Why Towns Are Falling In Love With Golf Carts

For one thing, parking’s a lot easier.

A couple drive a golf cart converted to look like a fire truck in The Villages. (Carlo Allegri / Reuters)

One of the promotional videos for The Villages, Central Florida’s city of the old, is all about golf carts. Picture a Boomer’s take on Pimp My Ride: Some carts are souped up to look like Model Ts, fire trucks, or Thunderbirds, or colored to rep a hometown sports team. In a city with no native sons, the carts are expressions of identity.

They’re also a central mode of transportation. In The Villages, according to the book Young-Old: Urban Utopias of an Aging Society by architect Deane Simpson, there are 50,000 golf carts and 90 miles of dedicated golf-cart infrastructure. Autocentric facilities like drive-ins and car washes have been adapted. Golf-cart bridges and paths lead to golf-cart parking. One-third of trips, in this city of 110,000, are taken by cart.

In the video, one man boasts of selling his car. Another: “It is our main transportation.” A third Villager: “I could not live without my golf cart.”

Decades after they rolled off the links and into airport terminals, theme parks, and university campuses, golf carts and their heftier cousins, known as low-speed electric vehicles, are gaining currency as a mobility option in pockets of the United States. Unusually, for a transportation trend, it’s older Americans who are on the cutting edge.

Dozens of communities have outlined schemes to integrate carts and similarly sized vehicles (also called Neighborhood Electric Vehicles, or NEVs) into their transportation networks. In the Coachella Valley east of Los Angeles, NEVs are a regular sight on the streets of Palm Springs or Rancho Mirage, and even at the McDonald’s drive-through. In Greenville, South Carolina, residents use NEVs to visit neighbors, go to the farmer’s market, or catch the Greenville Drive, the local minor-league team.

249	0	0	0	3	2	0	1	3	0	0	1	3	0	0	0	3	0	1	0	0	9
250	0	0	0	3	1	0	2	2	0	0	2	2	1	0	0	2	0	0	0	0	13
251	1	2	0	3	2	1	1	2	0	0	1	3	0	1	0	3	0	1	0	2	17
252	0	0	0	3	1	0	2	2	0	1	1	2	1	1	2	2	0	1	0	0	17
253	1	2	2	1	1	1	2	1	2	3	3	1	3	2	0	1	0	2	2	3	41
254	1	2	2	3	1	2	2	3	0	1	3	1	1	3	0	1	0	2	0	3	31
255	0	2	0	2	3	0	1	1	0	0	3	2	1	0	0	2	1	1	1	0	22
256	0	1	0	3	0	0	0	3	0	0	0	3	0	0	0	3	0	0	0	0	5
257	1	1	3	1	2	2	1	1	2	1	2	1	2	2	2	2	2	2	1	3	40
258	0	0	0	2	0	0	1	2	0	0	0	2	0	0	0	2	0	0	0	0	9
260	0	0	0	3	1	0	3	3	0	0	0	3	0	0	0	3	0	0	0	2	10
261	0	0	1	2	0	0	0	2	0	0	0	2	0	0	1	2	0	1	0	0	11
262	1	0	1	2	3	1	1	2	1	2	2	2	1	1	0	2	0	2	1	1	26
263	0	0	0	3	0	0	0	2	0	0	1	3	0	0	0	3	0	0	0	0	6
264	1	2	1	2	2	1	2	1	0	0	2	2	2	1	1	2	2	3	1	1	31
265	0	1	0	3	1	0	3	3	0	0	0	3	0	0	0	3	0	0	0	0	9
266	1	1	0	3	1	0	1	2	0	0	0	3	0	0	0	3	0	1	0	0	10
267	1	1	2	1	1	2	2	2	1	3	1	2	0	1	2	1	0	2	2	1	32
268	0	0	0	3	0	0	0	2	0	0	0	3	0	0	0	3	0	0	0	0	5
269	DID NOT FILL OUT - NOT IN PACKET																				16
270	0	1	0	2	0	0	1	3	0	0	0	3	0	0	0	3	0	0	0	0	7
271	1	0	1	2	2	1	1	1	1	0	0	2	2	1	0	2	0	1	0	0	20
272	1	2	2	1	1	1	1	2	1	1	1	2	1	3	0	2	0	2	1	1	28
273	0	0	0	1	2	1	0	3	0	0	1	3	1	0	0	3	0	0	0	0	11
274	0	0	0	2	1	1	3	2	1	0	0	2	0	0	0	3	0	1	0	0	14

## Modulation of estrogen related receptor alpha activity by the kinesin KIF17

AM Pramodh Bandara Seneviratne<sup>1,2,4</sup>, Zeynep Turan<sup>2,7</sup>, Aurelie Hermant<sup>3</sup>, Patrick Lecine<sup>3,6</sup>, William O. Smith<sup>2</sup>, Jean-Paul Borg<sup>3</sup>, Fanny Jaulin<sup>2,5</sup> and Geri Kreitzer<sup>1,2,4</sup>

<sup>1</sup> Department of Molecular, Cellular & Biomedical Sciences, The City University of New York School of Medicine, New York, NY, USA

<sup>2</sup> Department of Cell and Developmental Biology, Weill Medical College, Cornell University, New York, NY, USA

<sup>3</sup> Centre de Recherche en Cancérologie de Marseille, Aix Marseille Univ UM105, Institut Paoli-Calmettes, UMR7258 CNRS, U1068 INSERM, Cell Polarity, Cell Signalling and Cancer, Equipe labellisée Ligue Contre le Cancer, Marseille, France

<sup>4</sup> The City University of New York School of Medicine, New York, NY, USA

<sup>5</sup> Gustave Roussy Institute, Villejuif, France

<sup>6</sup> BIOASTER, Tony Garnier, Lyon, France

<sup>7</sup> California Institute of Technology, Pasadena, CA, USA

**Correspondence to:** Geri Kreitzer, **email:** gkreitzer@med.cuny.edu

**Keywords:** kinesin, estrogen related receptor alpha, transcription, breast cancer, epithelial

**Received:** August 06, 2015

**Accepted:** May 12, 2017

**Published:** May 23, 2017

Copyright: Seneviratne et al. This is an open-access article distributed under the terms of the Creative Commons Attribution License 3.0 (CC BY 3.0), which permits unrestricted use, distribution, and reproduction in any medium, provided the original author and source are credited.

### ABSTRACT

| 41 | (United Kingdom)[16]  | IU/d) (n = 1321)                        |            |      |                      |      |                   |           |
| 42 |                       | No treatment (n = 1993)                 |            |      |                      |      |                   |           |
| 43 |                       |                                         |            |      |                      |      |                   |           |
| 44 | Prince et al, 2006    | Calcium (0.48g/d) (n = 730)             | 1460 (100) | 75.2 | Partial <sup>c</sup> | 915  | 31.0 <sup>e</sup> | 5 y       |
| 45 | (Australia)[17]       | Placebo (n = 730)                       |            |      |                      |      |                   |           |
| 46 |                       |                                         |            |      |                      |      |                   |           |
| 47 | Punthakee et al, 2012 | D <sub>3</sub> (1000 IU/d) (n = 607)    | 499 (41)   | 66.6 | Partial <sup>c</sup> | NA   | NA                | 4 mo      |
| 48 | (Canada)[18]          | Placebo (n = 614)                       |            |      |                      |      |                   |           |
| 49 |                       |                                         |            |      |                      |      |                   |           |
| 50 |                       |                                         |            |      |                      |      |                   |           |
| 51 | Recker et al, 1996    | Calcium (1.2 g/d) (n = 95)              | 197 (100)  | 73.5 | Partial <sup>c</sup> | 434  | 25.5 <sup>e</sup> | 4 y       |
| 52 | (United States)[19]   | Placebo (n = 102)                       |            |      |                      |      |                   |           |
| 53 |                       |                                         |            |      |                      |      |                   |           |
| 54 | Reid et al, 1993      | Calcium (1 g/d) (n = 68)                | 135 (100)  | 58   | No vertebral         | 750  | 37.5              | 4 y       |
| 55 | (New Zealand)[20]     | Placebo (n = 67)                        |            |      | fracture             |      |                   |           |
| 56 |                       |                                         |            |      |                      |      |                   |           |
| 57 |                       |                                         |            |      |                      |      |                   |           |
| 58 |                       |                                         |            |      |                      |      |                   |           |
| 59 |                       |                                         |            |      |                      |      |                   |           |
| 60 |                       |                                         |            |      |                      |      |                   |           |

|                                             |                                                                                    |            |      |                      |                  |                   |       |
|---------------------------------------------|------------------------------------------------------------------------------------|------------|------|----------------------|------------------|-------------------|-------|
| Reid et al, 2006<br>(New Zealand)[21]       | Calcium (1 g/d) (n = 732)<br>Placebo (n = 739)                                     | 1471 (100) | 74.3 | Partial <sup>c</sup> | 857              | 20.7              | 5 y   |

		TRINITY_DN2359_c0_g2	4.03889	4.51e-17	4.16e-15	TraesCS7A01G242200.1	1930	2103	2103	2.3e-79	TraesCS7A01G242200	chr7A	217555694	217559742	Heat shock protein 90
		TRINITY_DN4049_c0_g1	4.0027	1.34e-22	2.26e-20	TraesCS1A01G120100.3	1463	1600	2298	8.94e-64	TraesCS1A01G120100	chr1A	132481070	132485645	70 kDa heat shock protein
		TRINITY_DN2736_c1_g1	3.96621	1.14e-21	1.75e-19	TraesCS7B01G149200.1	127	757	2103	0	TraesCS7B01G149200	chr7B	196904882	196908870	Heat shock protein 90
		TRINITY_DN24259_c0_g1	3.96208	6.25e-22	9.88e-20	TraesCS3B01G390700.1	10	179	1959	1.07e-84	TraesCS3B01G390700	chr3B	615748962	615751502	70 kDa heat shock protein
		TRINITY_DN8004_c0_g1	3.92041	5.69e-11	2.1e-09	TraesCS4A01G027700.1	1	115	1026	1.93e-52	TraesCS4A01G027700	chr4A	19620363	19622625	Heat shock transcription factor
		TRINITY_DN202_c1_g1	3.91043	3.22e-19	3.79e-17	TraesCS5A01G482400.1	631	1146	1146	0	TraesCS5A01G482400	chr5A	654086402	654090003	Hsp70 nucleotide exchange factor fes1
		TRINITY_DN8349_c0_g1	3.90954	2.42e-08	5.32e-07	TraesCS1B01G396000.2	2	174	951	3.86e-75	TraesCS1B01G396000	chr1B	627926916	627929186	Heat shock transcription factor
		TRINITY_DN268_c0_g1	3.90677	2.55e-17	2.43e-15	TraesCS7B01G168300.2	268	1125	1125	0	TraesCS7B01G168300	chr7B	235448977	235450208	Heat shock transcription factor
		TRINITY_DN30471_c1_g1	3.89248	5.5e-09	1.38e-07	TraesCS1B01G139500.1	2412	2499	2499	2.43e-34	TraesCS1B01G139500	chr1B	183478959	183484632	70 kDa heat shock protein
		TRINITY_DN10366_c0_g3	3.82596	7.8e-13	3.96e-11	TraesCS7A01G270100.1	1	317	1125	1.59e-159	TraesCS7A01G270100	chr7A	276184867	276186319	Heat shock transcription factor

Why drive a cart? Certainly, disposable income, warm weather, and relatively dense settlements are prerequisites. But drivers also say that NEVs allow for old-fashioned urban social interaction.

“It’s impossible to deny what fun these little vehicles seem to be,” the editorial board of the Greenville News wrote last year, “and how they have served to better connect neighbors in a busy world.”

Exurban, postwar Sun Belt communities were a natural site for this transportation experiment, thanks to master planning and, of course, the centrality of golf courses. Big developers like Gary Morse, the billionaire who built The Villages, could draw golf cart paths into urban design from the start, linking homes, services, shops, and recreation.

“Why would you bother to haul a huge car around everyday, especially if you don’t feel comfortable operating it anymore, when you have this other option?” asks Hannah Twaddell, a planner at the Virginia consultancy ICF International, who has studied the trend.

The vehicles’ appeal is evident beyond retirement communities. In beach towns and other compact tourist enclaves, already accustomed to a mix of transportation modes, NEVs can do a car’s job with ease. “They’re kind of like the iPad, between the iPhone and the laptop,” Twaddell says. “It’s this medium-sized tool that’s incredibly flexible.”